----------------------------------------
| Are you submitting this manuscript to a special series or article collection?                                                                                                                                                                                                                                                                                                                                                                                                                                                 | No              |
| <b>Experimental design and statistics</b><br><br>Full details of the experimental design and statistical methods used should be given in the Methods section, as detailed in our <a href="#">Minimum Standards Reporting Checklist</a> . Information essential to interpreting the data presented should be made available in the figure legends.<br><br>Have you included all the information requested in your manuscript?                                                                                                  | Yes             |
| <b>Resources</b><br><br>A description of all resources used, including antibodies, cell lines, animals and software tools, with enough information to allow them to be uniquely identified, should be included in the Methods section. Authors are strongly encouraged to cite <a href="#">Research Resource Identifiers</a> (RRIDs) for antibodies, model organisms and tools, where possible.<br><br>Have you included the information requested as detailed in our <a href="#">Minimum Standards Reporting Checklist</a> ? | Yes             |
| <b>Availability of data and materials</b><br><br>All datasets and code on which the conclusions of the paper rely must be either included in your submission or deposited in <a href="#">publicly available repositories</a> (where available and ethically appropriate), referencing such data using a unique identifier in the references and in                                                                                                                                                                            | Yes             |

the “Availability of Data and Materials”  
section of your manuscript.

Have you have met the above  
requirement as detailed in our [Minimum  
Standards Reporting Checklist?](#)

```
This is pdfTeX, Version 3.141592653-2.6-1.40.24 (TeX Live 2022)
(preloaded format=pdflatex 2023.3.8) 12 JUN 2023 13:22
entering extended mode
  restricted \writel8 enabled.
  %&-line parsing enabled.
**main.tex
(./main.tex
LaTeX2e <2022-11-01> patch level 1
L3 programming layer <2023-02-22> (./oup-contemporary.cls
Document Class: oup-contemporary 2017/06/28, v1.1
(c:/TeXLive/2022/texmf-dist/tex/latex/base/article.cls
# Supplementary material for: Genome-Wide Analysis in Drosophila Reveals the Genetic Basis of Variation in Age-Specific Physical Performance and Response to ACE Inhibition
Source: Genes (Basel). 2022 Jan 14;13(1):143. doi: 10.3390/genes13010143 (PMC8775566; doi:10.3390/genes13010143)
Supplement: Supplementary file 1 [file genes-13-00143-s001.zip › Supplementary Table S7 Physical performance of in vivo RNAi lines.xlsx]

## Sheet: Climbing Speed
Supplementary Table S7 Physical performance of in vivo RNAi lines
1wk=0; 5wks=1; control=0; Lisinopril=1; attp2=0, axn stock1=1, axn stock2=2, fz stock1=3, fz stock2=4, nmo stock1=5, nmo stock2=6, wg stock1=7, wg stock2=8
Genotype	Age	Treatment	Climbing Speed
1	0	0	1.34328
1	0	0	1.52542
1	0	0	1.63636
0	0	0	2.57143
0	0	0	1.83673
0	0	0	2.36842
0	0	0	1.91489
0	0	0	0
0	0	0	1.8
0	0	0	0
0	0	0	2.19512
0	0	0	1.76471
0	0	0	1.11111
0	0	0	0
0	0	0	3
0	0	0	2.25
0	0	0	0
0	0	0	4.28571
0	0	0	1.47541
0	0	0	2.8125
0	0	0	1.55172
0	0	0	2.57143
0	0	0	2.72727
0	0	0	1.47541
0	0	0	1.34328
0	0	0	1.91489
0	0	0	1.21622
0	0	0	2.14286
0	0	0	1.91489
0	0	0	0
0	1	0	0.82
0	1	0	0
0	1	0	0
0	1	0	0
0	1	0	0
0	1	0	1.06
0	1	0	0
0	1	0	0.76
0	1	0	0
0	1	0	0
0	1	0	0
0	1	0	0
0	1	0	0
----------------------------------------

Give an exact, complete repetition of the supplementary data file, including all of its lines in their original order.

| Are you submitting this manuscript to a special series or article collection?                                                                                                                                                                                                                                                                                                                                                                                                                                                 | No              |
| <b>Experimental design and statistics</b><br><br>Full details of the experimental design and statistical methods used should be given in the Methods section, as detailed in our <a href="#">Minimum Standards Reporting Checklist</a> . Information essential to interpreting the data presented should be made available in the figure legends.<br><br>Have you included all the information requested in your manuscript?                                                                                                  | Yes             |
| <b>Resources</b><br><br>A description of all resources used, including antibodies, cell lines, animals and software tools, with enough information to allow them to be uniquely identified, should be included in the Methods section. Authors are strongly encouraged to cite <a href="#">Research Resource Identifiers</a> (RRIDs) for antibodies, model organisms and tools, where possible.<br><br>Have you included the information requested as detailed in our <a href="#">Minimum Standards Reporting Checklist</a> ? | Yes             |
| <b>Availability of data and materials</b><br><br>All datasets and code on which the conclusions of the paper rely must be either included in your submission or deposited in <a href="#">publicly available repositories</a> (where available and ethically appropriate), referencing such data using a unique identifier in the references and in                                                                                                                                                                            | Yes             |

the “Availability of Data and Materials”  
section of your manuscript.

Have you have met the above  
requirement as detailed in our [Minimum  
Standards Reporting Checklist?](#)

```
This is pdfTeX, Version 3.141592653-2.6-1.40.24 (TeX Live 2022)
(preloaded format=pdflatex 2023.3.8) 12 JUN 2023 13:22
entering extended mode
  restricted \writel8 enabled.
  %&-line parsing enabled.
**main.tex
(./main.tex
LaTeX2e <2022-11-01> patch level 1
L3 programming layer <2023-02-22> (./oup-contemporary.cls
Document Class: oup-contemporary 2017/06/28, v1.1
(c:/TeXLive/2022/texmf-dist/tex/latex/base/article.cls
# Supplementary material for: Genome-Wide Analysis in Drosophila Reveals the Genetic Basis of Variation in Age-Specific Physical Performance and Response to ACE Inhibition
Source: Genes (Basel). 2022 Jan 14;13(1):143. doi: 10.3390/genes13010143 (PMC8775566; doi:10.3390/genes13010143)
Supplement: Supplementary file 1 [file genes-13-00143-s001.zip › Supplementary Table S7 Physical performance of in vivo RNAi lines.xlsx]

## Sheet: Climbing Speed
Supplementary Table S7 Physical performance of in vivo RNAi lines
1wk=0; 5wks=1; control=0; Lisinopril=1; attp2=0, axn stock1=1, axn stock2=2, fz stock1=3, fz stock2=4, nmo stock1=5, nmo stock2=6, wg stock1=7, wg stock2=8
Genotype	Age	Treatment	Climbing Speed
1	0	0	1.34328
1	0	0	1.52542
1	0	0	1.63636
0	0	0	2.57143
0	0	0	1.83673
0	0	0	2.36842
0	0	0	1.91489
0	0	0	0
0	0	0	1.8
0	0	0	0
0	0	0	2.19512
0	0	0	1.76471
0	0	0	1.11111
0	0	0	0
0	0	0	3
0	0	0	2.25
0	0	0	0
0	0	0	4.28571
0	0	0	1.47541
0	0	0	2.8125
0	0	0	1.55172
0	0	0	2.57143
0	0	0	2.72727
0	0	0	1.47541
0	0	0	1.34328
0	0	0	1.91489
0	0	0	1.21622
0	0	0	2.14286
0	0	0	1.91489
0	0	0	0
0	1	0	0.82
0	1	0	0
0	1	0	0
0	1	0	0
0	1	0	0
0	1	0	1.06
0	1	0	0
0	1	0	0.76
0	1	0	0
0	1	0	0
0	1	0	0
0	1	0	0
0	1	0	0